The down fill is also PFC-free and made of 850+ hydrophobic down. The zippers are on the small side, but they slide well and rarely if ever snag on the bag. I've slept in this bag down to 30 degrees, and honestly, even that night I woke up hot. But this is more a testament to how hot I sleep than bag performance (which is good). Like the bishop pass, this is a tight-fitting bag. It's plenty comfy, but you need to love the mummy shape.

While I have tested the 18-degree model (replaced by the new 15F), there is a whole range of Spark's: 45F, 30F, 15F, and 0F. At $549, the Spark 15 is not cheap, but high-end, ultralight gear typically comes with a hefty price tag. If you have extra cash, the Spark Pro line is worth considering as well. I haven't tested it yet, but the full-length zipper that allows the bag to become more like a quilt is interesting.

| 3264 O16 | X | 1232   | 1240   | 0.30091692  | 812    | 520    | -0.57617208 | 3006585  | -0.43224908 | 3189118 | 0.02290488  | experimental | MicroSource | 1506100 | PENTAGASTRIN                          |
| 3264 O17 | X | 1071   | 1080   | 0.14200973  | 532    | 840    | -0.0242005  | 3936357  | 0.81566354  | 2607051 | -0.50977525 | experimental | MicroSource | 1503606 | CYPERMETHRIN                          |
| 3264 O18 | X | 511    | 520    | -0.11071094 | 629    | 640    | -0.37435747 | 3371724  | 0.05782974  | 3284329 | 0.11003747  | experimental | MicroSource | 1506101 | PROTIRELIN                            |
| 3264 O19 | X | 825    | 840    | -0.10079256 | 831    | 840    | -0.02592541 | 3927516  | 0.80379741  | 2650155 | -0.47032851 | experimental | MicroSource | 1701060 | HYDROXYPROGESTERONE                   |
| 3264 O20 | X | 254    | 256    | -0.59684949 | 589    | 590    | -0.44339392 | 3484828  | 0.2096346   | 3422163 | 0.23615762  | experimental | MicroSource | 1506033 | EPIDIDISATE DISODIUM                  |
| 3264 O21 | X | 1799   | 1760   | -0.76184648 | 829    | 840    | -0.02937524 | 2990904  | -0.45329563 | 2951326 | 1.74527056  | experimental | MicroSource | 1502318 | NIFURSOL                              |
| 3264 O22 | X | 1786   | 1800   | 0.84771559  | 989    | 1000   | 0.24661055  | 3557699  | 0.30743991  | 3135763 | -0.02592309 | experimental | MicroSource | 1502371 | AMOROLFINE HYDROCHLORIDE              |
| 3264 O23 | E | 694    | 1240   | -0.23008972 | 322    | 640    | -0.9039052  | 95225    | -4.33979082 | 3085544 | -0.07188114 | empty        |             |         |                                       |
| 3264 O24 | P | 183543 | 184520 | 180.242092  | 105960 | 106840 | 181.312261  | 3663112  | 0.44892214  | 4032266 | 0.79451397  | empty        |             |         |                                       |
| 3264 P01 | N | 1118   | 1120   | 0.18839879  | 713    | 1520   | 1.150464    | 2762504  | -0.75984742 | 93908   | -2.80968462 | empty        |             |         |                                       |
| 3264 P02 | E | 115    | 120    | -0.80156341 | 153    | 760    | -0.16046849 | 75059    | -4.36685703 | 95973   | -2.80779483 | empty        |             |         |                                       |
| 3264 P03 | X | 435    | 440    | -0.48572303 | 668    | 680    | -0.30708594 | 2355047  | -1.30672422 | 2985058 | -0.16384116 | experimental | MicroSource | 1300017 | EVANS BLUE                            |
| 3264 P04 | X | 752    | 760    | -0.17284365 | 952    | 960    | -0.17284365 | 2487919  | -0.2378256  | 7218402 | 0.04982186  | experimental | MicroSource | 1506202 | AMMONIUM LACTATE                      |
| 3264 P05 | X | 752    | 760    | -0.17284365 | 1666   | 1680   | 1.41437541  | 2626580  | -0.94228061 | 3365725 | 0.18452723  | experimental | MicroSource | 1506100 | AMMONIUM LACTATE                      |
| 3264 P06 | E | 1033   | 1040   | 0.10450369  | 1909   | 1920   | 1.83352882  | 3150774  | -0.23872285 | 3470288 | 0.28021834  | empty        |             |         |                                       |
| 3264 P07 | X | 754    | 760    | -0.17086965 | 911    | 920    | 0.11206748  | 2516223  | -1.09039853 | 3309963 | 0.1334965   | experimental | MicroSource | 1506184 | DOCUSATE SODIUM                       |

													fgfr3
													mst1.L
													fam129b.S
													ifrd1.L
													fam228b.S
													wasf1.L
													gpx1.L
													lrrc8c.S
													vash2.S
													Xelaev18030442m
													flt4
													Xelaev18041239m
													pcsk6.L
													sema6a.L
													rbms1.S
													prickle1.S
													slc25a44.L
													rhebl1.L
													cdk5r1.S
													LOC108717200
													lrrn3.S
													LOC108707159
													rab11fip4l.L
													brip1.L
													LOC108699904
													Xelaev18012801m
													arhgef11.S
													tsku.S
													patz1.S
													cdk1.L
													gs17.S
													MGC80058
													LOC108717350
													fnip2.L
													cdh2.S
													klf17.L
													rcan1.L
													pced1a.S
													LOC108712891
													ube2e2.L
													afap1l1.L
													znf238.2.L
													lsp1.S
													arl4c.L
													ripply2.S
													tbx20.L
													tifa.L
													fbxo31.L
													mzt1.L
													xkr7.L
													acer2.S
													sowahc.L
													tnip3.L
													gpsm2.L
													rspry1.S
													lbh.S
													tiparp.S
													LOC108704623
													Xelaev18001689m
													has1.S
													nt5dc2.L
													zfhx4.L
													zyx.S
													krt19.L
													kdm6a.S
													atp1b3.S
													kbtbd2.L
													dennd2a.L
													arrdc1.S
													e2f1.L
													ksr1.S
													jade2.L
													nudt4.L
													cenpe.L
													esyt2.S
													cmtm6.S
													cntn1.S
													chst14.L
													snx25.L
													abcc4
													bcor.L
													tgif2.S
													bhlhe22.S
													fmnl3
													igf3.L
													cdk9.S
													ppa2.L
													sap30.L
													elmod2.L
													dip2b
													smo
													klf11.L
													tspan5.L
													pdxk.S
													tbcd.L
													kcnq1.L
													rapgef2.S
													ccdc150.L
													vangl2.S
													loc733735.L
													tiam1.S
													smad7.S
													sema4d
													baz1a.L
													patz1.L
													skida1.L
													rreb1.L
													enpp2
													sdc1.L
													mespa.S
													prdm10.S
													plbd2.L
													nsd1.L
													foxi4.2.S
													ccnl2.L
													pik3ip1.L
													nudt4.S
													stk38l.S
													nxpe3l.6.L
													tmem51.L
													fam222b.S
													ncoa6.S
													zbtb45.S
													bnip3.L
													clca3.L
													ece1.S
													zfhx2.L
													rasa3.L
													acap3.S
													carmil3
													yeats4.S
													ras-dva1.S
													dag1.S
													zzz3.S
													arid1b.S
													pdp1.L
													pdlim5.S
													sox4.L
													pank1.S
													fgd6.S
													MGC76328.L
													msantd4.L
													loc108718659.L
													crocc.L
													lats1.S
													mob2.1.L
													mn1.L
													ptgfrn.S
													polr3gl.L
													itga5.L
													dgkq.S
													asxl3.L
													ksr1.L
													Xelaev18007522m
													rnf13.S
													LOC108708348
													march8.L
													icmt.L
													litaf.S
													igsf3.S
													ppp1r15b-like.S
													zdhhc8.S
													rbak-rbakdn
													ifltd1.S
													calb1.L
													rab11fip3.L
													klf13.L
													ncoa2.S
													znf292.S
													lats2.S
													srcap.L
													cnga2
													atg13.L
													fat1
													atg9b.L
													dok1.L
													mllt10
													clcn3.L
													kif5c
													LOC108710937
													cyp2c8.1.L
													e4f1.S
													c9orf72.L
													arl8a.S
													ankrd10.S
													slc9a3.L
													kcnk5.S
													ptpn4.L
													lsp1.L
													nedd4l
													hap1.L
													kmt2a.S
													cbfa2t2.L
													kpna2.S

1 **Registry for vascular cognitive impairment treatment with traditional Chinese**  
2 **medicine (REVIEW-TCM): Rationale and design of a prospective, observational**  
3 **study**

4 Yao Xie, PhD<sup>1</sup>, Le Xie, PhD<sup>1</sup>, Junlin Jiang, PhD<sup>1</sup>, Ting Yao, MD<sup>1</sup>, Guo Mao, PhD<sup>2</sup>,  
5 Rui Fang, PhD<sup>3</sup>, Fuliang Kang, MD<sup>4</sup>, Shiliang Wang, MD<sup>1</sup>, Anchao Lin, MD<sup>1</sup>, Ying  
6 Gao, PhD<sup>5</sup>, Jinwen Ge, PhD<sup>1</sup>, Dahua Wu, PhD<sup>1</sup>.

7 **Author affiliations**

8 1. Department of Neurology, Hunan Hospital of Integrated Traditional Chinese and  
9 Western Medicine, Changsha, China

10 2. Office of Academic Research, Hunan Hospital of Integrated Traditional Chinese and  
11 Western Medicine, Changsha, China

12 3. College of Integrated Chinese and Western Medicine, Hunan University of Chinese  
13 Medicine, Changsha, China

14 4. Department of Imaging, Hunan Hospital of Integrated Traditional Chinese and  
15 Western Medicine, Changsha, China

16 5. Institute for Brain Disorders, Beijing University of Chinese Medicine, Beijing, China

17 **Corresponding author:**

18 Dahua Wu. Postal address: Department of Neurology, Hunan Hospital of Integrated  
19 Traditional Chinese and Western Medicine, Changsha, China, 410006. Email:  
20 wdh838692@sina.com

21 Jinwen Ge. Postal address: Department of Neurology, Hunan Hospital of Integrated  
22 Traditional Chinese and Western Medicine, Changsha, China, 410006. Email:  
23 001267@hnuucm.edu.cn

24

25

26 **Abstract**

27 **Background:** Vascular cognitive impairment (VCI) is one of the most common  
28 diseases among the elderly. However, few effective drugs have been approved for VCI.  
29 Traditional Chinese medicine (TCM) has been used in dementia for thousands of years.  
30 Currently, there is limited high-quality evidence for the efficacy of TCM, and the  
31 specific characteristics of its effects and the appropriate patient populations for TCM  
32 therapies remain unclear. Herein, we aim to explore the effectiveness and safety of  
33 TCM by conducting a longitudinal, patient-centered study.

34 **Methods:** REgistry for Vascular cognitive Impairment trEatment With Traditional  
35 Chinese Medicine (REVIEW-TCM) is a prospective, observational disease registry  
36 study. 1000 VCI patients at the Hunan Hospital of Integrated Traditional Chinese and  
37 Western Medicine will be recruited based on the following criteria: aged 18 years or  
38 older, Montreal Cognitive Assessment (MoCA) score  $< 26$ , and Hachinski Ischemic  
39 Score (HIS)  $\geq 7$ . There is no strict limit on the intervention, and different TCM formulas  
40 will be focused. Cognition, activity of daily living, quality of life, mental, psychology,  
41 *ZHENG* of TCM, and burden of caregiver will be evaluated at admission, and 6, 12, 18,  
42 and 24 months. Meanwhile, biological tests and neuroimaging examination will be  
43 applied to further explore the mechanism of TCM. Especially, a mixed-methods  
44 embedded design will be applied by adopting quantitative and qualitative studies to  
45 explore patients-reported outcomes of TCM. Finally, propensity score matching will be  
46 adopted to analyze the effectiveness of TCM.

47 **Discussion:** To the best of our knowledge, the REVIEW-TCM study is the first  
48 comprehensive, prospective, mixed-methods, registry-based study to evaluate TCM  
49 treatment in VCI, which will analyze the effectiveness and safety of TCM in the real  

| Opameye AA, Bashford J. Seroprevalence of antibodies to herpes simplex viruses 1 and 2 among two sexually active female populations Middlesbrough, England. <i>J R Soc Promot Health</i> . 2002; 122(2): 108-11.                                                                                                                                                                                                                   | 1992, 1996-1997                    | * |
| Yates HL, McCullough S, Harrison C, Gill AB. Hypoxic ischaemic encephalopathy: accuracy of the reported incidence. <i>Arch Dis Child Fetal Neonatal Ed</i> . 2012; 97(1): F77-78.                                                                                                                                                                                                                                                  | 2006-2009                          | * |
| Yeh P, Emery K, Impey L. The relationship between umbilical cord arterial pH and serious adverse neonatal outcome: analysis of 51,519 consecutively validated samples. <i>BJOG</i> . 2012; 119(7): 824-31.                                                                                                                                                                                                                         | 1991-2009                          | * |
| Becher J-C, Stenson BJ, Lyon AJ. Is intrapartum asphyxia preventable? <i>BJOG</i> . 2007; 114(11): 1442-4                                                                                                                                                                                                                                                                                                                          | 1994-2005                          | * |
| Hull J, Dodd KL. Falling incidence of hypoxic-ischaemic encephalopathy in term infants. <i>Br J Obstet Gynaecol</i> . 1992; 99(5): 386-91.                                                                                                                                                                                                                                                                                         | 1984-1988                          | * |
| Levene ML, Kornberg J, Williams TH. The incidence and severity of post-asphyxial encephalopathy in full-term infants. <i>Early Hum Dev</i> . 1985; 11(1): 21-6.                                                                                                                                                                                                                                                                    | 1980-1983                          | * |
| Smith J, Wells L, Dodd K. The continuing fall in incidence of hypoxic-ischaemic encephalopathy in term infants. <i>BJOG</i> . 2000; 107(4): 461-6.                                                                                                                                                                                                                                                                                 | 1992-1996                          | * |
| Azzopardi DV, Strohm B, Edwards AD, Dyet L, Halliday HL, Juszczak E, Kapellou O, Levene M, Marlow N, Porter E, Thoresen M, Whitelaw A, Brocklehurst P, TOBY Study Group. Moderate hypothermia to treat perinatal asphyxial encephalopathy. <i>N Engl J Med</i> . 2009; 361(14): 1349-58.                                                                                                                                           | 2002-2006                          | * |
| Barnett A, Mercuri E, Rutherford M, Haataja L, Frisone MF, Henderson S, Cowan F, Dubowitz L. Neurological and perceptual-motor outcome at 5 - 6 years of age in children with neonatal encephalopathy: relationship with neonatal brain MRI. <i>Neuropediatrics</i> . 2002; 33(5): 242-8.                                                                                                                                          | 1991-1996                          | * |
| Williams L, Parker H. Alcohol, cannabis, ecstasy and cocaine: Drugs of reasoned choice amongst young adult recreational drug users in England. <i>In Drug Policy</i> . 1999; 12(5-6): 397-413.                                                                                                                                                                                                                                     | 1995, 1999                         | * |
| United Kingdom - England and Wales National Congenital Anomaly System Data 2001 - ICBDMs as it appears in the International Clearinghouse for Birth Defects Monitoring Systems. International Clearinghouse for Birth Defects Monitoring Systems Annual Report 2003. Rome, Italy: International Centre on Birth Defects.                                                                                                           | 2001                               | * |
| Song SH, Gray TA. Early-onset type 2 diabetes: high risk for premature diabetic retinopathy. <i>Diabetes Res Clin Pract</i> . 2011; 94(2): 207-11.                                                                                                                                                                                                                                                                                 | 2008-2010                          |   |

Specs:Temp rating: 15°F / -9°CComfort rating: 29°F / -2°CFill: 850 Fill-Power Goose Down

Best for Active/Side Sleepers

Therm-a-Rest Questar 20F Sleeping Bag$380 at REI (Regular)$380 at Amazon (Regular)

I once made the mistake of calling a sleeping bag a “mummy bag” in front of my then 8-year-old who exclaimed, “What? Who would want to be a mummy?” Good question, kid. The answer is no one. The “mummy” design is all about warmth, not comfort. But let's face it—most of us are not sleeping in situations where our survival is at stake. Therm-a-Rest has addressed this with what it calls W.A.R.M. fit, which stands for “with additional room for multiple” positions. Indeed, this bag is very roomy for a mummy design. I was able to draw my legs up when side-sleeping and spread out considerably more than with most of the other bags in this guide. If you toss and turn through the nights, and don't want a quilt-style bag, this would be my top pick.

The Questar uses a 20D Polyester DWR-coated outer shell fabric, which does a great job of helping the bag stay dry even when your feet press up against the walls of the too-small tent you're testing. The inside is nylon taffeta. This bag comes with Therm-a-Rest's SynergyLink Connectors, which you can use to secure the sleeping bag to the pad underneath. This, combined with the slightly wider cut, makes this one of the more comfortable bags I've used.